The Pope's Daughter

The Pope's Daughter

Book - 2015
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"Lucrezia Borgia is one of the most vilified figures in modern history. The daughter of a notorious pope, she was twice betrothed before the age of eleven and thrice married--one husband was forced to declare himself impotent and thereby unfit and another was murdered by Lucrezia's own brother, Cesar Borgia. She is cast in the role of murderess, temptress, incestuous lover, loose woman, femme fatale par excellence. But there is always more than one version of a story. Lucrezia Borgia is the only woman in history to serve as the head of the Catholic Church. She successfully administered several of the Renaissance Italy's most thriving cities, founded one of the world's first credit unions, and was a generous patron of the arts. She was mother to a prince and to a cardinal. She was a devoted wife to the Prince of Ferrara, and the lover of the poet Pietro Bembo. She was a child of the renaissance and in many ways the world's first modern woman."--jacket flap.
Publisher: New York, NY : Europa Editions, c2015
ISBN: 9781609452742
Branch Call Number: FIC Fo
Characteristics: 241 pages : color illustrations ; 21 cm
Additional Contributors: Shugaar, Antony


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Jun 01, 2016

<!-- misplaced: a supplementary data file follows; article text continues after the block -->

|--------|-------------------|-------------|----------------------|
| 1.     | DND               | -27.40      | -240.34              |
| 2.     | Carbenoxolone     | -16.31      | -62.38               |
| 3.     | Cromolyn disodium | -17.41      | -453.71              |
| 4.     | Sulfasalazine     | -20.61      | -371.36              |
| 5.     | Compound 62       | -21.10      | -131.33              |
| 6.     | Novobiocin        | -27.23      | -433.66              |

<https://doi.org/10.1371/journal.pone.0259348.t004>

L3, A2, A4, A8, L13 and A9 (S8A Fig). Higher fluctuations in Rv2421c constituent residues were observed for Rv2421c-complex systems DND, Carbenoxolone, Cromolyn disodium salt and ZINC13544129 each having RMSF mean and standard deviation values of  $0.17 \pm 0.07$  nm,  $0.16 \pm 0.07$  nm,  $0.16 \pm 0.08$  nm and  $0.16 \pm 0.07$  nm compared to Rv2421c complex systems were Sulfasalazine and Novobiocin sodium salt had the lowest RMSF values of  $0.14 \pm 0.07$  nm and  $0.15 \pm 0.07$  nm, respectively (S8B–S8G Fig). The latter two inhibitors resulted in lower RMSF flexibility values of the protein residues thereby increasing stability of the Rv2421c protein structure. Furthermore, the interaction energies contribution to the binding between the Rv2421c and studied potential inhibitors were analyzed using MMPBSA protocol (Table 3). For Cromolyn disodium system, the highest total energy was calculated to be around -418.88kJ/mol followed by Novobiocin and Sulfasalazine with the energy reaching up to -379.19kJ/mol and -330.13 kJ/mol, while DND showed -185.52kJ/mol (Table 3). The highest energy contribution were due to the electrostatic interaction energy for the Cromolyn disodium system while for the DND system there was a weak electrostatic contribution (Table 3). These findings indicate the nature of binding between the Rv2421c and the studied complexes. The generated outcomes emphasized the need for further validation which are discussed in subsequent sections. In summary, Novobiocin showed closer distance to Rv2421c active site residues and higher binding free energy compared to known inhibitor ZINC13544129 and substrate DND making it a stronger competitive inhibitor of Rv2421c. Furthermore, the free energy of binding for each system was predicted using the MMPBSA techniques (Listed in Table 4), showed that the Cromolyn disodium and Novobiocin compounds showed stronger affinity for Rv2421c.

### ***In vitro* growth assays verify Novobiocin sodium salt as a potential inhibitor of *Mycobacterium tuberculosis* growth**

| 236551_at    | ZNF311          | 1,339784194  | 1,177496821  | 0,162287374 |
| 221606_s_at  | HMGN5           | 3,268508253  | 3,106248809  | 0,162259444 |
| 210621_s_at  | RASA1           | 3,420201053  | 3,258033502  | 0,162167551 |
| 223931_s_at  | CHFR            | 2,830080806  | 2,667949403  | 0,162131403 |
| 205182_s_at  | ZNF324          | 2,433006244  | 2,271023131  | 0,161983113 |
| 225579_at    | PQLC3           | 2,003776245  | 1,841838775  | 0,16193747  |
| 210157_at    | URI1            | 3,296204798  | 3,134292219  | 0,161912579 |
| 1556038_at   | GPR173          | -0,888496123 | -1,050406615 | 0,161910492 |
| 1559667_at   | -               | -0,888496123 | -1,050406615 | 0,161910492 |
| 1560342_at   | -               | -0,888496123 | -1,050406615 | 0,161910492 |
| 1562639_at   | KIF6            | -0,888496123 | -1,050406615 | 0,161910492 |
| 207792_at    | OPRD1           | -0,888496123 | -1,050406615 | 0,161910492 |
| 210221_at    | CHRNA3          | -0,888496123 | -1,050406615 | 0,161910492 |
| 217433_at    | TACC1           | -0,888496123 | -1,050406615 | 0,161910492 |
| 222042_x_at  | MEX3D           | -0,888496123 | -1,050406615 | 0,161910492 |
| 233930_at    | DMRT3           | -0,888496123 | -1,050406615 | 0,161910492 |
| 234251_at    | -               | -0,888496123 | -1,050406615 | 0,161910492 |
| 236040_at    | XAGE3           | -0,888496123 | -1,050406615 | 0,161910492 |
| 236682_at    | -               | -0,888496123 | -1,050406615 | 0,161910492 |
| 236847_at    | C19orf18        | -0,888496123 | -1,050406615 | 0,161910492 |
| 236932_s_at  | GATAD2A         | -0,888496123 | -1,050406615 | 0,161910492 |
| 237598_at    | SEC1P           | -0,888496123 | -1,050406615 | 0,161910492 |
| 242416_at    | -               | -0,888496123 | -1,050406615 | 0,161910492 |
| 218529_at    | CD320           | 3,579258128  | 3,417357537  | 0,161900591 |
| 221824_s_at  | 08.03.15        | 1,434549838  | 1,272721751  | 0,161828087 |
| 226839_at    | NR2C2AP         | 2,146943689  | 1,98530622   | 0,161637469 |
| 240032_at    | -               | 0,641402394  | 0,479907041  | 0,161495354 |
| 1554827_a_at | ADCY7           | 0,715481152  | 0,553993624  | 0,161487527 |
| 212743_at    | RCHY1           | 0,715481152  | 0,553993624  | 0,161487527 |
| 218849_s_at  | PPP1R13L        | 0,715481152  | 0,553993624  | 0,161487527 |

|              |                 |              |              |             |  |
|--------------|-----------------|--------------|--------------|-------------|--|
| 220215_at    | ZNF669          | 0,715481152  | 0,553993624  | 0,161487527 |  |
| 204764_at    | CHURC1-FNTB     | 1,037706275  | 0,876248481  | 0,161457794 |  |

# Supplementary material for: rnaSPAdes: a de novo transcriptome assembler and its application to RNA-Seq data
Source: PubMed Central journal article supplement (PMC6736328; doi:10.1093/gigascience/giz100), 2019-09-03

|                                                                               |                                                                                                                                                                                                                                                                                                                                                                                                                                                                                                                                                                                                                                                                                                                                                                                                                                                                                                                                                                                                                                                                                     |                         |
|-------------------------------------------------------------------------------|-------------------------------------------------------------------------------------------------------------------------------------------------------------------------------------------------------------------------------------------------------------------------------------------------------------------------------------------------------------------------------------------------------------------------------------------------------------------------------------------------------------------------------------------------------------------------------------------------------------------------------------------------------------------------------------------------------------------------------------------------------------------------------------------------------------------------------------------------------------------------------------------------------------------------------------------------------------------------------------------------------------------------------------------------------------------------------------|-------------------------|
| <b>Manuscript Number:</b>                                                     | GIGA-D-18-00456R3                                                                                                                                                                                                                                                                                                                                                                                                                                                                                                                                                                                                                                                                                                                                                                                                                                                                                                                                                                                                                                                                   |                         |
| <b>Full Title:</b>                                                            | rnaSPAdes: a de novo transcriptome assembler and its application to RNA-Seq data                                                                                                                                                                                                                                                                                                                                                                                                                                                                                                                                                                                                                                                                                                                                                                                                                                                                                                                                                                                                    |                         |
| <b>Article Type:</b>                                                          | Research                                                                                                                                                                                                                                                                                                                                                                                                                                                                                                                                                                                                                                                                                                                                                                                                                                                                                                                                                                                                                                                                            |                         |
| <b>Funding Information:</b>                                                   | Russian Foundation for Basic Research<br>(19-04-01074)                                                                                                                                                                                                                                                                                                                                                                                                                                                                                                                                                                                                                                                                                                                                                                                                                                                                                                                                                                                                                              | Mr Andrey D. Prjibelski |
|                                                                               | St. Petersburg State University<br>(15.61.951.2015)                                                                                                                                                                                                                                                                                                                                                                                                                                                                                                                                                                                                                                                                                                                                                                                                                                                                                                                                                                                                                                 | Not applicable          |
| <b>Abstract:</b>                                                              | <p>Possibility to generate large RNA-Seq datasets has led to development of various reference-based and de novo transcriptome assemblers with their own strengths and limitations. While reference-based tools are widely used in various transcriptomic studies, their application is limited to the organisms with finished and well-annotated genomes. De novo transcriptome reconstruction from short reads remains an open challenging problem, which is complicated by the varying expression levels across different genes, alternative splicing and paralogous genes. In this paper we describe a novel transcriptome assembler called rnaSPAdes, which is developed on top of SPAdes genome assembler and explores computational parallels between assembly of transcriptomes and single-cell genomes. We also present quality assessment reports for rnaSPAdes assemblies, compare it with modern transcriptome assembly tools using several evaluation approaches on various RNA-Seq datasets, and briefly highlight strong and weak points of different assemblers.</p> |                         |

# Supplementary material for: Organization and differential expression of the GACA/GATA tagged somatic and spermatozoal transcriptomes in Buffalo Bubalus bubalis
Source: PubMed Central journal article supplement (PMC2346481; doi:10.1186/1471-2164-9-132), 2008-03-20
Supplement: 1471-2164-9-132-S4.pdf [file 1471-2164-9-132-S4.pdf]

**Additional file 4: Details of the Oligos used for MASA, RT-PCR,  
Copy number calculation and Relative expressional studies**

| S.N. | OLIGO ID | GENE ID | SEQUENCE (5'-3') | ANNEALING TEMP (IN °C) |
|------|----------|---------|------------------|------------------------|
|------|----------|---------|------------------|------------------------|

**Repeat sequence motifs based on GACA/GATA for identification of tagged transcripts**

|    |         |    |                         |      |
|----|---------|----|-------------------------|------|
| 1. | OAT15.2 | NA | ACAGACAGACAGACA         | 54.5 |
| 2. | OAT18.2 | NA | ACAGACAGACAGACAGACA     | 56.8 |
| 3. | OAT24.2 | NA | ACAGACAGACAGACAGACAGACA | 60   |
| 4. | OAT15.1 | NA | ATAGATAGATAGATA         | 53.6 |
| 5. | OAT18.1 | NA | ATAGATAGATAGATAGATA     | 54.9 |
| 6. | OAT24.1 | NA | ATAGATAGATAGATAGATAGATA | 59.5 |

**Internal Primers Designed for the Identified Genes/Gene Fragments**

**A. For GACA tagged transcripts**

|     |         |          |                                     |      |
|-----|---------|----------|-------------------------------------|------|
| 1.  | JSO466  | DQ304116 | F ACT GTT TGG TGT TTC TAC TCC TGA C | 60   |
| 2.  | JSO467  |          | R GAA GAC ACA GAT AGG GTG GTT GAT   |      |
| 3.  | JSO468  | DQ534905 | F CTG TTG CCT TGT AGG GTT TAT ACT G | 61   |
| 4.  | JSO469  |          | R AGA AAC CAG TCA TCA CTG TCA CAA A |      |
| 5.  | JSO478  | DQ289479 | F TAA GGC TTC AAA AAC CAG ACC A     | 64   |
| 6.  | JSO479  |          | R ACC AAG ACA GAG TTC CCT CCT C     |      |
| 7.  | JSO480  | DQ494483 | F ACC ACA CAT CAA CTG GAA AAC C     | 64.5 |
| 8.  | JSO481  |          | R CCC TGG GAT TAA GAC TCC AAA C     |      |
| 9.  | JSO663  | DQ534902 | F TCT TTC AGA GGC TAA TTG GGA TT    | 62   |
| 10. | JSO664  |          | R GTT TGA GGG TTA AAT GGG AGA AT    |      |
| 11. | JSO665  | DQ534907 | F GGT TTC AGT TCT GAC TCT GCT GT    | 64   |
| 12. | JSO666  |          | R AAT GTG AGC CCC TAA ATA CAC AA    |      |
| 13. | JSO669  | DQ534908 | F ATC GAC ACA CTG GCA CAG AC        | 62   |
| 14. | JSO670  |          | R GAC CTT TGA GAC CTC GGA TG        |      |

This was a weird one for me. Why Dario Fo has decided to venture into prose narrative ficiton this late in his career is an odd decision to me, but at least he's having fun with it. It's kind of a cute first attempt at a novel. You can tell that Fo has a great admiration for the Borgias, for both good and bad. The Borgias are great champions for him for their exuberance in their capacities to power-grab, and to love--real exemplars of the Italian national character that he exemplifies in his plays (even though the Borgias are Spanish). Also, as I believe Fo mentions in the book, he is tired of the many one-dimensional and over-sexualized portrayals of the Borgias in media (that show with Jeremy Irons in it), so this is his setting the record straight. My main issue with this book is that I found it to be in this grey area between fiction and non fiction. Maybe this is an example of that weird experimental genre of "creative nonfiction". I may have enjoyed this book more if it were strictly non-fiction, but I liked this book most when we got into Lucrezia's later romantic involvements. There is a particularly tender scene as Lucrezia and her husband are at her dying father-in-law's bedside. Those scenes were written with a lot of warmth, and showed a previously hidden and unexplored side to notorious female figure in history. I respect Fo for following his heart here, and some parts of the book were rendered well, but for me I think I should have read a non-fiction text if I wanted to know more about the actual history of Lucrezia Borgia and her family.


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